At issue in talks between the WGA and the Alliance of Motion Picture and Television Producers is payment to writers for content that appears online, an increasingly common phenomenon given penetration of broadband connections in households. Despite a proposal made by AMPTP late Thursday, the WGA does not feel it's getting a great offer, said Chuck Slocum, the WGA's associate Executive Director.
'Bit of a disconnect'
"They had offered $250 for a year of internet reuse. Think of 'Heroes' being streamed on NBC.com. Now they could have up to 2 million streams for an episode and $250 would be paid to the writer, and so that was a bit of a disconnect on that proposal we saw this week," said Mr. Slocum, who made his remarks on a conference call for investors with Natixis Bleichroder senior media analyst Alan Gould.
The WGA is also looking at how much its members will be paid for original content that airs online first, Mr. Slocum said. Media companies "don't want to cover that with anything that is more than bare bones, and that is not acceptable," he said.
The strike has been in effect since Nov. 5. Already, networks have begun to hoard original episodes of prime-time programs, and many late-night favorites are in repeats. Generally speaking, marketers are locked into ad contracts until early next year, when they get an option to repurpose ad dollars committed during the upfront for the second quarter. Media buyers suggest they could move dollars out of network TV or ask for cash back if the strike is a prolonged one. The last WGA strike, in 1988, lasted more than five months.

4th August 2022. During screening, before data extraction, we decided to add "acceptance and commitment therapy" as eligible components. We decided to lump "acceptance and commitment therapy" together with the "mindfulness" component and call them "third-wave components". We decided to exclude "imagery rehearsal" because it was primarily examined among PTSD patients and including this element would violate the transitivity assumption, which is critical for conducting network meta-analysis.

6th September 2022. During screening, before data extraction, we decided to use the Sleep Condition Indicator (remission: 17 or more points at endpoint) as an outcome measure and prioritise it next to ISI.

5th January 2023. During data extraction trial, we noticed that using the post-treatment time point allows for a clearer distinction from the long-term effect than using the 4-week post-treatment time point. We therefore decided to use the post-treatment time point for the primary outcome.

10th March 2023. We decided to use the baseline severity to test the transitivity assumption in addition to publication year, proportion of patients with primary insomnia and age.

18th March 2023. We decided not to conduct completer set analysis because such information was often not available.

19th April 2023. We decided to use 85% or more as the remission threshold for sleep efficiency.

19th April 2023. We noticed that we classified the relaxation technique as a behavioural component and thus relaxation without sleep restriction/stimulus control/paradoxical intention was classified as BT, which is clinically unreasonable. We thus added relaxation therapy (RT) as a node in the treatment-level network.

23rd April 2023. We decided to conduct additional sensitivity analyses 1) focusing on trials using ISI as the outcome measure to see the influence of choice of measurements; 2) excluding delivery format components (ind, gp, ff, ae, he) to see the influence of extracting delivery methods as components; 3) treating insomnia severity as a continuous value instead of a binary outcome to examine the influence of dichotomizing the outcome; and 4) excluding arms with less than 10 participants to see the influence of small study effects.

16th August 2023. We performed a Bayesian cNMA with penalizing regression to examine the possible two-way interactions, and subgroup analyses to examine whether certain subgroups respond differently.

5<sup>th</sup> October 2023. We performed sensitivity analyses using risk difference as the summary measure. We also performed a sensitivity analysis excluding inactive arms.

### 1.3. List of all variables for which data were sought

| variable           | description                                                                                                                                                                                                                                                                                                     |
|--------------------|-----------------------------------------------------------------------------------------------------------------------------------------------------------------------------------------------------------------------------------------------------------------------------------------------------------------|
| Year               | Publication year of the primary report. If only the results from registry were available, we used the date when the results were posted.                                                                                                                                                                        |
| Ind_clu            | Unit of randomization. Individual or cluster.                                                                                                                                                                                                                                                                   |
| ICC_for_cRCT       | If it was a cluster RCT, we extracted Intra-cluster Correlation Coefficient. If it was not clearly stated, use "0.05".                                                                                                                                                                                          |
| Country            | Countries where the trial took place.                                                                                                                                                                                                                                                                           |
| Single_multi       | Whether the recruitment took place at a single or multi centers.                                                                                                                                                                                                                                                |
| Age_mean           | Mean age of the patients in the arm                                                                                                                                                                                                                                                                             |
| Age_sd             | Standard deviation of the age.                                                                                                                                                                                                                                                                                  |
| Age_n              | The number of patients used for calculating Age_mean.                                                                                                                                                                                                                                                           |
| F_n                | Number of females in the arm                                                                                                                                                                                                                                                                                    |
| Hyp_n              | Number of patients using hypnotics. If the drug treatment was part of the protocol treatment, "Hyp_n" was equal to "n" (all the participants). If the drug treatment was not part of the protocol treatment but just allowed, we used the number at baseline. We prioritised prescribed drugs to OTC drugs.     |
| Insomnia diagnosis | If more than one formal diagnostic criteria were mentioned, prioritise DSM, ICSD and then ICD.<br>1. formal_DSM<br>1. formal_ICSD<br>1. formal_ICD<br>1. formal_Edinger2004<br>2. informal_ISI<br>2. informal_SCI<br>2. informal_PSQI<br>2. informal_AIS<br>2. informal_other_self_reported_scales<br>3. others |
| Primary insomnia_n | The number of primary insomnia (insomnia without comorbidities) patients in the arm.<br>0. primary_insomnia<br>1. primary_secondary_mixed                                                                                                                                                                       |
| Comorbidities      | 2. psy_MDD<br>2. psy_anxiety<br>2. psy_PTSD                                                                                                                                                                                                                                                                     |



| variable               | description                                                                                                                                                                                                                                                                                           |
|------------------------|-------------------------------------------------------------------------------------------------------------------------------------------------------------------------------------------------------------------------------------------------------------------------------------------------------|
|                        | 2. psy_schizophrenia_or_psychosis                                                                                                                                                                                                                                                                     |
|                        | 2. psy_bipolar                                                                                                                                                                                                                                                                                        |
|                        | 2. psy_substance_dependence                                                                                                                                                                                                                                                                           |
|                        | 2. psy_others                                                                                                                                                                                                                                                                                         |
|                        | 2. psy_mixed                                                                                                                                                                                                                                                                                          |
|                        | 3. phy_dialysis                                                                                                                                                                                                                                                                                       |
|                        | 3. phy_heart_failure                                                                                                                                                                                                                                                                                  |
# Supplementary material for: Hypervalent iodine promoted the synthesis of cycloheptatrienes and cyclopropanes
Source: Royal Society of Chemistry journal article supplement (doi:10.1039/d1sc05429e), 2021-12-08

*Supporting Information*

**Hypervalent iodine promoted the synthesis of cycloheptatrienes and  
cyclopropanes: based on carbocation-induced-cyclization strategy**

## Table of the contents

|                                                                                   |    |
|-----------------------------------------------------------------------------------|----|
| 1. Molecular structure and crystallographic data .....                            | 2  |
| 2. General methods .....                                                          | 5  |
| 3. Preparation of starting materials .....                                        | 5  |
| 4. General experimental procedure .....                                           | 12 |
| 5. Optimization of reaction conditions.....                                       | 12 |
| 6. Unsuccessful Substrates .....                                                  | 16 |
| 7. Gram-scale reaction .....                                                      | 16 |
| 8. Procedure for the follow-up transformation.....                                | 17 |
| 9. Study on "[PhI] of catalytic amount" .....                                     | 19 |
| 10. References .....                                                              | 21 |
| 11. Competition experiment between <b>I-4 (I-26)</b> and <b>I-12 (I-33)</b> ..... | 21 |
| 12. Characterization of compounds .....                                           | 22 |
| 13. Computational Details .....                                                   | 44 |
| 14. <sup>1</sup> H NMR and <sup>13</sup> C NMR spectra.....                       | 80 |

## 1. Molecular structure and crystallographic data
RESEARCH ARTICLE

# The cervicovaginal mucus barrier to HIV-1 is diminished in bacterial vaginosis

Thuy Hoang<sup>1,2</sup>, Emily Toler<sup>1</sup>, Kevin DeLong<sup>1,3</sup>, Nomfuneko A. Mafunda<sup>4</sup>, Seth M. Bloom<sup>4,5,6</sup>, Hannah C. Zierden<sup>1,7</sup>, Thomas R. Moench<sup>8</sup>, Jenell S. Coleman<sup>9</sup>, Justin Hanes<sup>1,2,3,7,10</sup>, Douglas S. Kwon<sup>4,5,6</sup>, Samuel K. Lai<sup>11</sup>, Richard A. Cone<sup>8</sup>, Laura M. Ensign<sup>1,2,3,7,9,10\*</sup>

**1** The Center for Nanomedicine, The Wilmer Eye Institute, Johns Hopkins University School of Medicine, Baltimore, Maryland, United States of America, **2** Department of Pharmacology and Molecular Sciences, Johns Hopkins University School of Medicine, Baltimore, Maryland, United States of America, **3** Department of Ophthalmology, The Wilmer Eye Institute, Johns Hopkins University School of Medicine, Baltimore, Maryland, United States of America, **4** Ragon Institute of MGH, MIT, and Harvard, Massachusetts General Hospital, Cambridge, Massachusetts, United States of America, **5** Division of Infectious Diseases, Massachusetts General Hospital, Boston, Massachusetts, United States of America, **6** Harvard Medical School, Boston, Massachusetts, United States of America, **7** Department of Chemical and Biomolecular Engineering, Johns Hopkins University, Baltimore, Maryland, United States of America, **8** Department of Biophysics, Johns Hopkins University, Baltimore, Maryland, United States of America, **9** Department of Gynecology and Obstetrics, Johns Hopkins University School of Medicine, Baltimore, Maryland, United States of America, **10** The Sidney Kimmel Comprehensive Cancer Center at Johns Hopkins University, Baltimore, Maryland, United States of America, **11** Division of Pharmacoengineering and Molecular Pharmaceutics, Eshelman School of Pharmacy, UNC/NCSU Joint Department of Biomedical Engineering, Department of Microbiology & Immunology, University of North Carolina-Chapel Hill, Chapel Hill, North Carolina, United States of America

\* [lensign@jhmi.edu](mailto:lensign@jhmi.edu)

"My hope is we'll get this settled next week," said John Bowman, the WGA negotiating committee chair, who was also present on the call. "But this depends on them [CEOs at the big media companies]. My hope is they care about their shareholders more than they do the ego of this particular power struggle," he added.
The strike takes place at a sensitive time for TV networks in particular. With audiences watching more programs on a time-shifted basis, or in new venues such as the web or on portable devices, advertisers are scrutinizing the amount of ad money they commit to TV. With many networks preparing to air reality programming instead of original scripted fare -- NBC is getting ready to launch a new version of "American Gladiators," for instance -- advertisers fear network TV will not be able to secure the mass audiences they depend on to reach and promote their goods and services.
The WGA estimates its demands would cost each major studio approximately $5 million to $7 million more than the last contract did, Mr. Slocum said.
He also suggested that the longer the strike goes on, the more WGA members might be prompted to seek out ways to create programming that could air directly on the web, without having to work through a major network or movie studio.
Signs have begun to emerge that this is gaining traction among the creative community. NBC recently indicated it would air "Quarterlife," a web drama from Marshall Herskovitz and Ed Zwick, best known as producers of TV series such as "Thirtysomething" and "My So-Called Life."